2007: The National Cancer Institute awards a five-year, $12.5 million Specialized Program of Research Excellence (SPORE) grant in head and neck cancer to Winship Cancer Institute. This is the first SPORE grant ever received in the state of Georgia.
2006: NCI selects the Emory and Georgia Tech joint research program as one of seven National Centers of Cancer Nanotechnology Excellence (CCNE).
2005: Chemical Biology Discovery Center selected by SAIC-Frederick, Inc. (SAIC-F) to be part of an 11-member national consortium aimed at accelerating the discovery and development of new and innovative, targeted cancer therapies. The national Chemical Biology Consortium (CBC) will bridge the gap between basic scientific investigation and clinical research supported by the NCI and focus on unmet needs such as drugs that are of low interest to pharmaceutical industry, but could have significant benefit for patients.
2004: Winship, in collaboration with Georgia Tech, receives a $10 million NIH grant to study how nanotechnology -- the use of microscopic machines -- can help fight prostate cancer.
2003: Winship opens a new, 280,000-square-foot, state-of-the-art facility. Its new home houses all original departments plus additional research and high-tech treatment facilities.
2002: The National Institutes of Health (NIH) approves Winship's grant to pursue cancer center designation as a comprehensive cancer care center.
1999: Dr. Jonathon W. Simons, a highly acclaimed physician-scientist who specializes in translational research, is named the Center's new director. The Center changes its name to Winship Cancer Institute.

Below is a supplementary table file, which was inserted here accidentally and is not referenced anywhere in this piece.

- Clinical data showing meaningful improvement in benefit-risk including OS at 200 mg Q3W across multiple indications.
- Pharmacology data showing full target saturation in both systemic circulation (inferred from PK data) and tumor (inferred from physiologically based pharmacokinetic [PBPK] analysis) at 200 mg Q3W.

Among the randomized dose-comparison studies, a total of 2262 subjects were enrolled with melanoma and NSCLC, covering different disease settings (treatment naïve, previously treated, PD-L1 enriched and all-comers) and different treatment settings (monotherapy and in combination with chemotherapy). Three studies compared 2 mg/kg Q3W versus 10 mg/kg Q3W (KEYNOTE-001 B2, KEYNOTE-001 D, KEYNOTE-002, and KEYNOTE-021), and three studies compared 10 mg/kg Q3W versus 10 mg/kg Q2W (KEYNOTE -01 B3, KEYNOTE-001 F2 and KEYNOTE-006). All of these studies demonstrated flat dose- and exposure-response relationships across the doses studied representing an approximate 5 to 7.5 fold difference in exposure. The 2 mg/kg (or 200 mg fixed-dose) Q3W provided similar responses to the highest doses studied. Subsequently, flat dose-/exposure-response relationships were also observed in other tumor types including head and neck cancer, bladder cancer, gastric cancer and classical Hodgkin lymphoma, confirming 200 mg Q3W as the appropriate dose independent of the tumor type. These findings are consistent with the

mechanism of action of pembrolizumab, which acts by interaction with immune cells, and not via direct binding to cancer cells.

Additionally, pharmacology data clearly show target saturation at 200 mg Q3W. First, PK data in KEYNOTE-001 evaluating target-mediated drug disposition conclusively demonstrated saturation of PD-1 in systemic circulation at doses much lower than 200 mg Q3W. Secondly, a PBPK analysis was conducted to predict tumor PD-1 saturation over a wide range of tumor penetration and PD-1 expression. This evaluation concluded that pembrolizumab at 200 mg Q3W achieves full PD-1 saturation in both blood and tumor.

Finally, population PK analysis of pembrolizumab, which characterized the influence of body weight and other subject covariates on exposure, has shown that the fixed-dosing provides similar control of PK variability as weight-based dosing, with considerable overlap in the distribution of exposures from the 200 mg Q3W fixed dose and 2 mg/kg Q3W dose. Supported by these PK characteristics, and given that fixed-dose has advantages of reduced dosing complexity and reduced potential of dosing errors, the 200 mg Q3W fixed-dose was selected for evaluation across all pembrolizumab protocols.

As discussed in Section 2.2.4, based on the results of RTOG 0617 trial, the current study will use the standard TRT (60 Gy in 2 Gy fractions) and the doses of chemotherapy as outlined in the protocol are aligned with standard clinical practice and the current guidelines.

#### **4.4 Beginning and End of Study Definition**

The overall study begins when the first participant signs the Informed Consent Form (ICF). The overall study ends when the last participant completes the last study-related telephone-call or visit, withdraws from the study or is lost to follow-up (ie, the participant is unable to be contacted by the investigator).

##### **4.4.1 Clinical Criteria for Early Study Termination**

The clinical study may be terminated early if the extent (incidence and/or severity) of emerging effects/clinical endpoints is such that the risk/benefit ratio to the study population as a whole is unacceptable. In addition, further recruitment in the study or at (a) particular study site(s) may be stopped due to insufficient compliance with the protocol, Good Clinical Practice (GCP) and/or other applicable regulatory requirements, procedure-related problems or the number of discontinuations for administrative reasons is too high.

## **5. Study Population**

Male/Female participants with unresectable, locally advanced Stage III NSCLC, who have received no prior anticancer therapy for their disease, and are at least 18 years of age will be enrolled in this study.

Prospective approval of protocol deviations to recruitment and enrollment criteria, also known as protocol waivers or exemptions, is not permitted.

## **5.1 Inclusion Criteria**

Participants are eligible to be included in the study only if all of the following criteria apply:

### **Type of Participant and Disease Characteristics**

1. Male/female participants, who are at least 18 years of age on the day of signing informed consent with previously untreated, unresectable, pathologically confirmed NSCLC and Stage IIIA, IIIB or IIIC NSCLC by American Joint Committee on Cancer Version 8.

1985: The Clinic is renamed the Winship Cancer Center and becomes more integrated into Emory University Hospital. It also begins coordinating cancer research and treatment for Emory, Crawford Long (now Emory University Hospital Midtown) and Grady hospitals and the Atlanta Veterans Affairs Medical Center.
1966: Dr. Scarborough dies of pancreatic cancer. He is posthumously awarded the 1967 Shining Light Award for his service to the Atlanta community.
1966: The Winship Cancer Clinic relocates into the Emory Clinic.
1964: The number of patients treated has risen to nearly 15,000 per year.
1955: Dr. Scarborough is appointed to the board of directors of the American Cancer Society.
1954: Dr. Scarborough publicly declares he is convinced that smoking cigarettes causes lung cancer. This statement comes at one of his many public appearances, intended to educate the public about cancer prevention and treatment.
1951: Experts refer to Winship Cancer Clinic as "one of the best in the nation."
1949: Dr. Scarborough is named to the National Advisory Cancer Council, a group of experts who advise federal agencies on policy issues, now known as the National Advisory Cancer Board.
1939: In its first year, the clinic treats 168 patients.
1938: Dr. Elliott Scarborough begins his tenure as the clinic's first doctor and director. The clinic opens in a sun porch at the end of the east wing of Emory Hospital, adjacent to the emergency department. It has four people on staff.
1937: The Robert Winship Memorial Clinic is founded at Emory University with a gift from Robert Woodruff. Woodruff, the president of Coca-Cola, had lost his mother to cancer that year. The Clinic is named in honor of Mr. Woodruff's maternal grandfather, Robert Winship.